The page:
Frequency and its Measurement (1975) -- Contents and Preface

Home | Articles | Forum | Glossary | Books





CONTENTS:

FUNDAMENTALS

AUDIO-FREQUENCY MEASUREMENT

RADIO-FREQUENCY MEASUREMENT

FREQUENCY STANDARDS

a. Frequency and WAVELENGTH CONVERSION FACTORS

b. Frequency-WAVELENGTH FORMULAS

c. Frequency-PERIOD FORMULAS

d. ABBREVIATIONS USED IN THIS GUIDE


This guide is addressed to the reader who knows practical electronics and who desires more information about frequency and frequency measurement than what is provided by the average electronics textbook. It gives a brief introduction to frequency and several methods of frequency measurement.

Section 2 covers audio-frequency measurement. Some of the methods covered are the beat-note method, induction-type frequency meter, reed-type frequency meter, and analog and digital frequency meters.

Radio-frequency measurement is covered in Section 3. Special precautions such as lead length, grounding, bypassing, shielding, and harmonics are discussed. Some of the instruments covered include wavemeters, Lecher frame, slotted line, dip meter, and Lissajous figures.

It is hoped that Frequency and Its Measurement will help the technician to select a suitable method for his particular frequency measurement problem.


Preface

Frequency is perhaps the property most often associated with every ac phenomenon. It is also the unique characteristic that distinguishes the radio spectrum from the audio spectrum, and heat from light, and it accounts for the difference between X-rays, gamma rays, and the various colors of light. Frequency can be measured and/or controlled with some of the greatest precision known in the world of applied science. Through use of an atomic frequency standard, for example, the National Bureau of Standards maintains the frequency of transmissions from stations WWV and WWVH with an accuracy of ±2 parts per 100 billion.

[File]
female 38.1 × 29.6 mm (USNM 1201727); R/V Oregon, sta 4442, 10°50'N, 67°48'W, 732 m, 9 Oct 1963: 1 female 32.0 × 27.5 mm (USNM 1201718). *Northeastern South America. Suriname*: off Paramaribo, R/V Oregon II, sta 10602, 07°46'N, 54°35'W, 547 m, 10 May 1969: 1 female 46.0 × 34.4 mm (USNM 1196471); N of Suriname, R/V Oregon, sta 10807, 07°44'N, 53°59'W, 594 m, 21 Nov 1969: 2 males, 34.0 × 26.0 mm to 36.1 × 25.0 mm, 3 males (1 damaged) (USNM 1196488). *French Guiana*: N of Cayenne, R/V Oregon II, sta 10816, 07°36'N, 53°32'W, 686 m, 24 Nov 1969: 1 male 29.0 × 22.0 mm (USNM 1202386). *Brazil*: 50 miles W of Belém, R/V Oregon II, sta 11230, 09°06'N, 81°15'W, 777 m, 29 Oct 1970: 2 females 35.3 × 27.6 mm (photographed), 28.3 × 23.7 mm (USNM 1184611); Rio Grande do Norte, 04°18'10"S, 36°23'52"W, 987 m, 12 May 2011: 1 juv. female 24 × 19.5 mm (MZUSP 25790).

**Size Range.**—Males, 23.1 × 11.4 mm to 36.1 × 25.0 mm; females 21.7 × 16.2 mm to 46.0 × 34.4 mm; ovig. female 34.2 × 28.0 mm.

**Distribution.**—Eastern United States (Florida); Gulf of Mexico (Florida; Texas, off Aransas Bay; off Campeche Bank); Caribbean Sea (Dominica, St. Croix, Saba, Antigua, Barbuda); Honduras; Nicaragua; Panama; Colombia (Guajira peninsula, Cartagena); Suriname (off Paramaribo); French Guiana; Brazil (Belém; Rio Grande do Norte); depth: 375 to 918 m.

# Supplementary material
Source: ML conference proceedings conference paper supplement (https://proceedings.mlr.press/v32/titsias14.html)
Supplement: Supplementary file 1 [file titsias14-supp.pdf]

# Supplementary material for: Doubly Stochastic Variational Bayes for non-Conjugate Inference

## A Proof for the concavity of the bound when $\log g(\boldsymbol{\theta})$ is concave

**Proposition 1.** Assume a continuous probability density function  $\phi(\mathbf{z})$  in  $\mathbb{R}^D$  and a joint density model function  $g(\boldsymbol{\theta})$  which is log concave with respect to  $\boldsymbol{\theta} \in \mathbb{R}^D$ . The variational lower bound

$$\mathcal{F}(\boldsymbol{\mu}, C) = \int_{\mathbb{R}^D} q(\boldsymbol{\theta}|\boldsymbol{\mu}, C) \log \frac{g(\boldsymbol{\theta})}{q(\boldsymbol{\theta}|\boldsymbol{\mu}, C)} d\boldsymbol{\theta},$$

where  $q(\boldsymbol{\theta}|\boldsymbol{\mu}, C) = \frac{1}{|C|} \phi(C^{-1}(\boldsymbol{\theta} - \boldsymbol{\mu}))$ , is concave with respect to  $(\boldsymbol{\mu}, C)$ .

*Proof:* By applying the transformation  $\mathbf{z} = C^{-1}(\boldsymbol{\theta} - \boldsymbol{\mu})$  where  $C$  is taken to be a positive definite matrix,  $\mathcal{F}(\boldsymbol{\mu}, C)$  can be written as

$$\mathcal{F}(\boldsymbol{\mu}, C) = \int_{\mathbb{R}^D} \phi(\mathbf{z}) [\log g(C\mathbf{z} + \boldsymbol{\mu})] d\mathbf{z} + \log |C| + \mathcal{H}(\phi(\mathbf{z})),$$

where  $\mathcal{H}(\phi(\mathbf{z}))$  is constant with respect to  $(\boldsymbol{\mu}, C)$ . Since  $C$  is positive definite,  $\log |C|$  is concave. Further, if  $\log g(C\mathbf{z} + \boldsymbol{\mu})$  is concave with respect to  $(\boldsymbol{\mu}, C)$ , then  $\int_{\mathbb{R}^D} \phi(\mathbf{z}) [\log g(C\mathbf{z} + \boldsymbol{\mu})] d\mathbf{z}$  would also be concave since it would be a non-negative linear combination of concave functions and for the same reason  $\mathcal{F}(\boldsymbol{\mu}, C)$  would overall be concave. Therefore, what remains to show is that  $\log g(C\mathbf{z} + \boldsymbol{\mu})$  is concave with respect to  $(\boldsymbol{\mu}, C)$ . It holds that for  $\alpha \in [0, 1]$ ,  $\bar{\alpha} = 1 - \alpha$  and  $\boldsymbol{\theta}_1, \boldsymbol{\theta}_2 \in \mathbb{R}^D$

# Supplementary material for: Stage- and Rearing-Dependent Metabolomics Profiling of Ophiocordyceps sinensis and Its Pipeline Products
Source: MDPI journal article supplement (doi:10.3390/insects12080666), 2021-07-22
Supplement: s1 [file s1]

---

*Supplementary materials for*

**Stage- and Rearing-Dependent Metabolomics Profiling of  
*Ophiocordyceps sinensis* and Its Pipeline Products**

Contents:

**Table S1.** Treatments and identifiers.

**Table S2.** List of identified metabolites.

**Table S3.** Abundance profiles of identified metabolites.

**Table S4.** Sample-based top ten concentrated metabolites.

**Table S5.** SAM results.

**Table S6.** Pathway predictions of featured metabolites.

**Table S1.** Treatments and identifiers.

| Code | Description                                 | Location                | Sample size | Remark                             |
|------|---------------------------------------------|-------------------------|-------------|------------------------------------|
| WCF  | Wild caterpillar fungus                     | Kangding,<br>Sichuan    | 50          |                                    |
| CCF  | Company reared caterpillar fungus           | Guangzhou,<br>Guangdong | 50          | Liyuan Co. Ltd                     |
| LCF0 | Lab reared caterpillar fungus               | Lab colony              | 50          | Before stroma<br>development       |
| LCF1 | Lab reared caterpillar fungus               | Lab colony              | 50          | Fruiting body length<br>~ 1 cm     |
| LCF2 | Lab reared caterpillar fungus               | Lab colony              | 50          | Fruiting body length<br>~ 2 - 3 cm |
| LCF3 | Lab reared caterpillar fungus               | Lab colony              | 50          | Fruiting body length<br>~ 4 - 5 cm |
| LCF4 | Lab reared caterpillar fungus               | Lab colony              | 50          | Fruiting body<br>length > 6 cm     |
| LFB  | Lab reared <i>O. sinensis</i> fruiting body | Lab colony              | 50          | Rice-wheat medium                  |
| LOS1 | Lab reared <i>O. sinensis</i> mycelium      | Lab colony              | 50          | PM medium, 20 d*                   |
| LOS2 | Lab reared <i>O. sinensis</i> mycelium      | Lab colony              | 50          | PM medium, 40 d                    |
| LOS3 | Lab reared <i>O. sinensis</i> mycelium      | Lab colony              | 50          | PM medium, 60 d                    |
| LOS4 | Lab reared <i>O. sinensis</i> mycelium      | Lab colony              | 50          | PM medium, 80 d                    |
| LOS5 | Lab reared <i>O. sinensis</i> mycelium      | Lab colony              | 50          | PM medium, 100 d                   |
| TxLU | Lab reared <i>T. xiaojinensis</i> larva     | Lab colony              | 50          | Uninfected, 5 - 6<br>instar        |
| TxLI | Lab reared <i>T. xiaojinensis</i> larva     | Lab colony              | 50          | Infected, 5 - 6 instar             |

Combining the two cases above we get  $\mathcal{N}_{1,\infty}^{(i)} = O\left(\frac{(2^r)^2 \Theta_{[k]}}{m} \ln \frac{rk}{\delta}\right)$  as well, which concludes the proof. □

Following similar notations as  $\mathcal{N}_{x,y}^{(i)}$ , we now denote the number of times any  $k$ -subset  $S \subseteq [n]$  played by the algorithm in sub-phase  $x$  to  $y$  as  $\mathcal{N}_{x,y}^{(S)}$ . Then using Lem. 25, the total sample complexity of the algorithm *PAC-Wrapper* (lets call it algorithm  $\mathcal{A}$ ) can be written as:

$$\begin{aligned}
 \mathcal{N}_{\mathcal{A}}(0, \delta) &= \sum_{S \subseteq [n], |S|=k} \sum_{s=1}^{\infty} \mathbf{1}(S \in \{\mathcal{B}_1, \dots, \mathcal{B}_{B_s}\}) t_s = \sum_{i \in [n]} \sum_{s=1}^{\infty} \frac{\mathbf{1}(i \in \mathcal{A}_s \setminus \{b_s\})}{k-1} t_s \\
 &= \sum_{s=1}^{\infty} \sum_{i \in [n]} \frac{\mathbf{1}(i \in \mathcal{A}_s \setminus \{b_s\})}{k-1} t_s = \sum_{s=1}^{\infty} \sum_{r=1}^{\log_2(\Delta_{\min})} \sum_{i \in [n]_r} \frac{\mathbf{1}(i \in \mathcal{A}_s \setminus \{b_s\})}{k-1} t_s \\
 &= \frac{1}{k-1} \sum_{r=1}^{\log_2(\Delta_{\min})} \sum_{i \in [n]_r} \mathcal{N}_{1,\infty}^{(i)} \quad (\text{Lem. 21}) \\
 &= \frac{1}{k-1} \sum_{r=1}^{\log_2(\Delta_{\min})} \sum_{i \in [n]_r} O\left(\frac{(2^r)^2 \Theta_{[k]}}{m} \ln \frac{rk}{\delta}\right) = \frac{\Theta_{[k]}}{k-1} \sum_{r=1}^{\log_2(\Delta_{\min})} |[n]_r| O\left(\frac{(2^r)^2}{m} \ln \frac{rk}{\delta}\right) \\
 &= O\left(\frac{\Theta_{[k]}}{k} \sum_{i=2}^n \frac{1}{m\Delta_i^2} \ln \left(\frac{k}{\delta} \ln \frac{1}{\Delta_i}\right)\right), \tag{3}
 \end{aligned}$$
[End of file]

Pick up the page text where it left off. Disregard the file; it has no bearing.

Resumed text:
This guide offers a brief introduction to the subject of frequency and provides a survey of frequency-measurement methods. It is addressed to the reader who already knows practical electronics and who desires a more comprehensive view of frequency than is provided by the average textbook of general electronics. The presentation is mostly practical and therefore essentially nonmathematical. Supplementary information is offered by the appendixes.

It is hoped that this guide will ease the task of the technician who must occasionally measure frequency and would like to select the most suitable method for a particular instance.


Also see:

Top of Page

    NEXT     HOME